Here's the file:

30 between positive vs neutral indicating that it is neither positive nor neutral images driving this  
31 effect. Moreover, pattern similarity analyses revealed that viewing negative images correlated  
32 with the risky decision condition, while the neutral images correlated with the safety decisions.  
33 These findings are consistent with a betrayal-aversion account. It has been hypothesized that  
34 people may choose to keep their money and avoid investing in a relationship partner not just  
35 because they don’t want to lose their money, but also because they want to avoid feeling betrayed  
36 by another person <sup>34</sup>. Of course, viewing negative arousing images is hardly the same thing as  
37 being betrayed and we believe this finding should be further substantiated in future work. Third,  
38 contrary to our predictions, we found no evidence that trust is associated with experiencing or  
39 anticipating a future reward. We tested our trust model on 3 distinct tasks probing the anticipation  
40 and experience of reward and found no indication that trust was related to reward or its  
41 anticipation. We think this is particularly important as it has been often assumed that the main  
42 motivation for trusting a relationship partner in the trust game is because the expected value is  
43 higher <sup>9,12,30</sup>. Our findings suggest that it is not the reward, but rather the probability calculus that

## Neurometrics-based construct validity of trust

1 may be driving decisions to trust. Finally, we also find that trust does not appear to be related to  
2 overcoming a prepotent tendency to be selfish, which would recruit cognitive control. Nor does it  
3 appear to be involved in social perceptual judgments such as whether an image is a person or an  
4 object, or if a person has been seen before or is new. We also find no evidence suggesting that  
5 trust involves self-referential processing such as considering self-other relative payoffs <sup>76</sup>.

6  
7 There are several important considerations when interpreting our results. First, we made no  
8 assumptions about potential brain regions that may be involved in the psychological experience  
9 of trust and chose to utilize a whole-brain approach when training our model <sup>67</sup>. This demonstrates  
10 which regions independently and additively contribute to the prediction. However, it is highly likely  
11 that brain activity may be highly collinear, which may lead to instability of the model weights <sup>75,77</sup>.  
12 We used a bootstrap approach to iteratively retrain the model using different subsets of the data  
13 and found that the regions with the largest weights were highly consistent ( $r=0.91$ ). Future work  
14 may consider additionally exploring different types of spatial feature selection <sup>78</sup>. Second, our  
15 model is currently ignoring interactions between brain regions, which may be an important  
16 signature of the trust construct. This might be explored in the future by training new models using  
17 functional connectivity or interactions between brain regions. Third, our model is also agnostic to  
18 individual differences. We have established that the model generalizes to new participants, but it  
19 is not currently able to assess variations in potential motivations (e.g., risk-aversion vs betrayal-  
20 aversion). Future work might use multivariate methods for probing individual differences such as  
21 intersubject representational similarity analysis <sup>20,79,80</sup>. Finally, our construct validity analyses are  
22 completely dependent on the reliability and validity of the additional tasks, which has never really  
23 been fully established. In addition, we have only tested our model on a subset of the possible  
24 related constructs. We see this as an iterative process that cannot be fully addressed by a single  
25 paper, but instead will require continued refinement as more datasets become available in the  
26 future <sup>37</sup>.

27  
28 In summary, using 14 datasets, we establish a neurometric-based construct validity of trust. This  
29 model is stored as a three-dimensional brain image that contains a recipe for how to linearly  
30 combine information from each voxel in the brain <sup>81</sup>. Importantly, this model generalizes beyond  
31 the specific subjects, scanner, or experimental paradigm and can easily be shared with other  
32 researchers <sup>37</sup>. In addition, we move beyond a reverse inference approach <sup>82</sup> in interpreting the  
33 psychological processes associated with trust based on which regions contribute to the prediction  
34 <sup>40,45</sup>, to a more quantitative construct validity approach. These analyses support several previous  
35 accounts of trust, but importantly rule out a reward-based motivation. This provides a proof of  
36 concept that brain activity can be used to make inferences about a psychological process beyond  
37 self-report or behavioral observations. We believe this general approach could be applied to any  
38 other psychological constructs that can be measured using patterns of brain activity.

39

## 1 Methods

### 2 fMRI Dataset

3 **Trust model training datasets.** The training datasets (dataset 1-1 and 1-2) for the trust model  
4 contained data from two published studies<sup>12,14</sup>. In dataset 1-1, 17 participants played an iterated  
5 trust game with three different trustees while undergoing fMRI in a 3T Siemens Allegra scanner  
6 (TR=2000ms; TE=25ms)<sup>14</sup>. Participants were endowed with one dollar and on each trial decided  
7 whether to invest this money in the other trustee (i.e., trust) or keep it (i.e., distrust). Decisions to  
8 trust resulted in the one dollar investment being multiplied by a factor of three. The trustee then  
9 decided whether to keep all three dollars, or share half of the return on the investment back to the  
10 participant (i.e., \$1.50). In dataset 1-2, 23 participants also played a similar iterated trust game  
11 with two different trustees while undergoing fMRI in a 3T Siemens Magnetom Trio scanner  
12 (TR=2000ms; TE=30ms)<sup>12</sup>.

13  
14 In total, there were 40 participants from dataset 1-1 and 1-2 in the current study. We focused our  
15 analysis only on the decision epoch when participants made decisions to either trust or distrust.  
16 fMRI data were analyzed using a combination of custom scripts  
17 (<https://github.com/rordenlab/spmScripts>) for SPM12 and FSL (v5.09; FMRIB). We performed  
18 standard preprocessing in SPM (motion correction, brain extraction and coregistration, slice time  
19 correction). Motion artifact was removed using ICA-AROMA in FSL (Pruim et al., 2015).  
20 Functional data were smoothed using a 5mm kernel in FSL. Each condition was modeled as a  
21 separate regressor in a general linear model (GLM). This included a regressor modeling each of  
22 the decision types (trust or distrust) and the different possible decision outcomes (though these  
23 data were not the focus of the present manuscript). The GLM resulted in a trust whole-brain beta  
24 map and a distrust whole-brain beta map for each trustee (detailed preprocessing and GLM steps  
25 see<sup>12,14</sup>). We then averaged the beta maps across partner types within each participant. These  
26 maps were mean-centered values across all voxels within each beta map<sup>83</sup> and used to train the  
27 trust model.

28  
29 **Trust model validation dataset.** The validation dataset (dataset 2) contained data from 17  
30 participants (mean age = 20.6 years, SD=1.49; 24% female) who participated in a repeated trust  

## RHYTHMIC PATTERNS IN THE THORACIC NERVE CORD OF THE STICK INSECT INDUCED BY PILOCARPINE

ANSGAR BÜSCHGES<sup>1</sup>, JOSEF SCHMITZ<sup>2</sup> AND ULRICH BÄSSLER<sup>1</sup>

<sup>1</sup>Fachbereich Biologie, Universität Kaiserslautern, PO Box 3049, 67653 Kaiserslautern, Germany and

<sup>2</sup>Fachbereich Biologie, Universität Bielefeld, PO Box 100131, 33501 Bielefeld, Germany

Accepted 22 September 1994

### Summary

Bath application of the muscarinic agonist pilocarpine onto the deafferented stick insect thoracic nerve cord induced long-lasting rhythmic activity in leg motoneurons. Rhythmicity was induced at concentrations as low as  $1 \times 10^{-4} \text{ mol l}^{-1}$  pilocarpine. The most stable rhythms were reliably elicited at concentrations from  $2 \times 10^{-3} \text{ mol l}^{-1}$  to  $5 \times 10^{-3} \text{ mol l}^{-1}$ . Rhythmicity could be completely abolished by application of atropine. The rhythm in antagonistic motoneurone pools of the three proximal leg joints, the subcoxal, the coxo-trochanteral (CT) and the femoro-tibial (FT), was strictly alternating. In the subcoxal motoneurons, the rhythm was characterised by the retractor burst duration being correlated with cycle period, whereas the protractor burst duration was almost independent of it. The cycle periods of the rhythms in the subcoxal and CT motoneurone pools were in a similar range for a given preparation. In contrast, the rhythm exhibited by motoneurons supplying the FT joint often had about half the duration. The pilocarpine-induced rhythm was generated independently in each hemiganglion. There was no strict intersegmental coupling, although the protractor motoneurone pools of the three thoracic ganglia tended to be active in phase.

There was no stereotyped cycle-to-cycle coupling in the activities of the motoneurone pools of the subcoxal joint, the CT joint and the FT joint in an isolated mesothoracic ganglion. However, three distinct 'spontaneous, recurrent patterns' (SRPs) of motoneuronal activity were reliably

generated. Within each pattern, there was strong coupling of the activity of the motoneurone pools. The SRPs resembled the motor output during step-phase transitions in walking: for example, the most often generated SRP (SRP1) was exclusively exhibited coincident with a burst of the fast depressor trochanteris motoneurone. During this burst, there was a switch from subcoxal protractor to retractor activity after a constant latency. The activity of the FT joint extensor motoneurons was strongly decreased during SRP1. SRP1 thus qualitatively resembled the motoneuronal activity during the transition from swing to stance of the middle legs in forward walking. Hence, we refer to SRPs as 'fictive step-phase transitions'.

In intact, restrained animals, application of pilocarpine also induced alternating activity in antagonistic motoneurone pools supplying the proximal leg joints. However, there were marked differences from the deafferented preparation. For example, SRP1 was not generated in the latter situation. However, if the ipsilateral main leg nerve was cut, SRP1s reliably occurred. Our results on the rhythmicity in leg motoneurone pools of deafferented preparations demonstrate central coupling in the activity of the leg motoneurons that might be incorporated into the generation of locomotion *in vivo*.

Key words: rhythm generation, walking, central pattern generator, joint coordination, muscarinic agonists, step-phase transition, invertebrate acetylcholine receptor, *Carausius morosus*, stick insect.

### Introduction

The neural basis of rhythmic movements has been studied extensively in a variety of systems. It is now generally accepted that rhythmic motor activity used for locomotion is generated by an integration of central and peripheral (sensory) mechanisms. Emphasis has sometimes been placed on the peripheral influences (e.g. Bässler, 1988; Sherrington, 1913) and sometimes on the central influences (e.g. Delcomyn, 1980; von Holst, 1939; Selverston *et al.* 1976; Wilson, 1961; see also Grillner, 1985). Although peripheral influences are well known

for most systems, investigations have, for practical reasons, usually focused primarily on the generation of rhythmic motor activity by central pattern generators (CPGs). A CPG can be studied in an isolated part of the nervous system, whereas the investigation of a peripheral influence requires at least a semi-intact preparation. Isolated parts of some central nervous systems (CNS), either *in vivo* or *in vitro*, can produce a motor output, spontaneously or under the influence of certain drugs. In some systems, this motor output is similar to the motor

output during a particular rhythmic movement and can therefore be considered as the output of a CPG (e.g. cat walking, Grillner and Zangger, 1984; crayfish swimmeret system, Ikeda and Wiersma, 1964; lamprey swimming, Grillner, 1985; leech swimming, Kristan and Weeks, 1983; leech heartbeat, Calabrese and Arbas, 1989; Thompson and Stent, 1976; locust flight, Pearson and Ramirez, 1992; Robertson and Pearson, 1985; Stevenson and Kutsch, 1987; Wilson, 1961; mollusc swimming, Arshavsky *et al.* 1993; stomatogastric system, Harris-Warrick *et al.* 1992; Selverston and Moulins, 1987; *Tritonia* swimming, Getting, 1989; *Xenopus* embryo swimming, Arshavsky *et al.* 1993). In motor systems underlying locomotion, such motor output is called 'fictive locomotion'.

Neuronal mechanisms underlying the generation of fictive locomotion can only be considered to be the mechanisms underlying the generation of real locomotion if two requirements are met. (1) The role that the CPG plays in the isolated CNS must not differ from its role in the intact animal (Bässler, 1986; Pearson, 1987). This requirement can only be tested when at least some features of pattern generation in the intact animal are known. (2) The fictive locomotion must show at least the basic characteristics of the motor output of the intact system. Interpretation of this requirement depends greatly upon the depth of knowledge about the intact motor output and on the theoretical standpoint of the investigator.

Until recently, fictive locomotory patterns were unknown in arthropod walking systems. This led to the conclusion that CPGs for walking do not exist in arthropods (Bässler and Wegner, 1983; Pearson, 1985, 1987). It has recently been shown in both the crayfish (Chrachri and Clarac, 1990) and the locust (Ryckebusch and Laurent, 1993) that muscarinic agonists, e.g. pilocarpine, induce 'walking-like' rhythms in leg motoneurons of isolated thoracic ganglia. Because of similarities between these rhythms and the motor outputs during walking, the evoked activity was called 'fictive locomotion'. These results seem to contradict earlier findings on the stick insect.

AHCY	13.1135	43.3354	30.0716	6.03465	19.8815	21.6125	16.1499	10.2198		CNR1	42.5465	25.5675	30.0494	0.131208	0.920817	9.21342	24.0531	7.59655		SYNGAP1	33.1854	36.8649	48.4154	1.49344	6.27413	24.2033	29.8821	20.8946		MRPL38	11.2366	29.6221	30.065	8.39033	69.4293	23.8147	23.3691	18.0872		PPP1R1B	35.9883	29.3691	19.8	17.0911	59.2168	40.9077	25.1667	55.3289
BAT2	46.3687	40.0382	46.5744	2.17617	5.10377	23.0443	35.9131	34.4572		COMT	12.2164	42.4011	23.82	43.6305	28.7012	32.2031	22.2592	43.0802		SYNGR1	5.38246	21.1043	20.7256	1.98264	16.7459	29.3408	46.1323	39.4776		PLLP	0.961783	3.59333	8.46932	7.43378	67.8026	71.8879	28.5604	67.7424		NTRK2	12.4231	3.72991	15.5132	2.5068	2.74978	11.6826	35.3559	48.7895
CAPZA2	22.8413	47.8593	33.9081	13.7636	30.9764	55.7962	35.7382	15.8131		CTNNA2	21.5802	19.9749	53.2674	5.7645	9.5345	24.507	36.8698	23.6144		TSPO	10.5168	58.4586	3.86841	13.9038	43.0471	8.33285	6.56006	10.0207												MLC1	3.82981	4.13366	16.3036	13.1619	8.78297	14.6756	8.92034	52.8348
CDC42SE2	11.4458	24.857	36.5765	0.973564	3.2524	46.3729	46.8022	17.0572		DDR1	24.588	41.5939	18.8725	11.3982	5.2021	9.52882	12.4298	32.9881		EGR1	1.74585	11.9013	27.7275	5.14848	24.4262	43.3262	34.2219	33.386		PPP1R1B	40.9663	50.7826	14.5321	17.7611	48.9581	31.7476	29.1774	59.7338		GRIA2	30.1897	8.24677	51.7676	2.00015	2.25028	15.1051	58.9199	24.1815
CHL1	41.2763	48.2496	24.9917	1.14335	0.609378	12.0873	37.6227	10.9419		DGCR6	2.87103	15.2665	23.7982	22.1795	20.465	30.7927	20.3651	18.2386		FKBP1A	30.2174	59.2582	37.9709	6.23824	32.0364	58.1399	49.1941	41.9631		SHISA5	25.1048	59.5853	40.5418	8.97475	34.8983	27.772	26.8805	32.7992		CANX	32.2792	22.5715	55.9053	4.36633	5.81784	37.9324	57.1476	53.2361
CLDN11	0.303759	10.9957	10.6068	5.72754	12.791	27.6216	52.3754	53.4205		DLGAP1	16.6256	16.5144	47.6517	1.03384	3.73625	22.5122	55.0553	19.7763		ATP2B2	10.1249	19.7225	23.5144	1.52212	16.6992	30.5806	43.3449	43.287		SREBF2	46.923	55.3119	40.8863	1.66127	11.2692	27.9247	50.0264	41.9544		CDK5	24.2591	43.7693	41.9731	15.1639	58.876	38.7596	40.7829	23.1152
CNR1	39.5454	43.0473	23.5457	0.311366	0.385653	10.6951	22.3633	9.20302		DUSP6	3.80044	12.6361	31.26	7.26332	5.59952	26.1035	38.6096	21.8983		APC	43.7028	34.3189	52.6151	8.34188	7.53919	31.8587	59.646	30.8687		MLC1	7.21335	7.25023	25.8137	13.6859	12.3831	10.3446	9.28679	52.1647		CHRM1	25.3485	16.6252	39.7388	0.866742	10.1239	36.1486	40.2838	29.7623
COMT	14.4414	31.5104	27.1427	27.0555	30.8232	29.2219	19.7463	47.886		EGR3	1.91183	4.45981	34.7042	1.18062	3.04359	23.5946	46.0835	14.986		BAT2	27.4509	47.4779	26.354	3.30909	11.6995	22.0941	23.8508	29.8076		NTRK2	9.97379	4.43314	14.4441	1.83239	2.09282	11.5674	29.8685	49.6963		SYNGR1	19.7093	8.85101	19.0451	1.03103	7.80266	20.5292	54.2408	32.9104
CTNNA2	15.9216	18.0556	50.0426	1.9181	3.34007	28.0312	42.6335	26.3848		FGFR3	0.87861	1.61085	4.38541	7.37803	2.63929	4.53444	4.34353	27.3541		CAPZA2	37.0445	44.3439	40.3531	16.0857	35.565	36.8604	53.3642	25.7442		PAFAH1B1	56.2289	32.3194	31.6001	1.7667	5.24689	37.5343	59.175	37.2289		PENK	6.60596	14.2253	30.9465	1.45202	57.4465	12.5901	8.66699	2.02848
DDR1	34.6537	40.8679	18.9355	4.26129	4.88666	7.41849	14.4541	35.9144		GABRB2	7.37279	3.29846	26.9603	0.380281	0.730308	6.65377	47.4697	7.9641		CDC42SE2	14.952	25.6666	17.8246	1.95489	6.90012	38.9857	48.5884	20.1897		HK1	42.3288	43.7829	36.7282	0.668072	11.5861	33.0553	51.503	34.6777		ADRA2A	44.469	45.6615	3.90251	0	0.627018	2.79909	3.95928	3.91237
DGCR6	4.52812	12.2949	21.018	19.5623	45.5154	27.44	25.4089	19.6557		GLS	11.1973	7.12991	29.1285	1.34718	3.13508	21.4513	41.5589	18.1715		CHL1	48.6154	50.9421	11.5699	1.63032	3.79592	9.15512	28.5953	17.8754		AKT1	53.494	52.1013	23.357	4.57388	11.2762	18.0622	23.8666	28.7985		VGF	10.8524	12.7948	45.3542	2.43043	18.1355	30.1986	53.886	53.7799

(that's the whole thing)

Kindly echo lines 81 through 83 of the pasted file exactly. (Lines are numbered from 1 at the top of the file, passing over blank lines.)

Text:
27 trust model.

28  
29 **Trust model validation dataset.** The validation dataset (dataset 2) contained data from 17  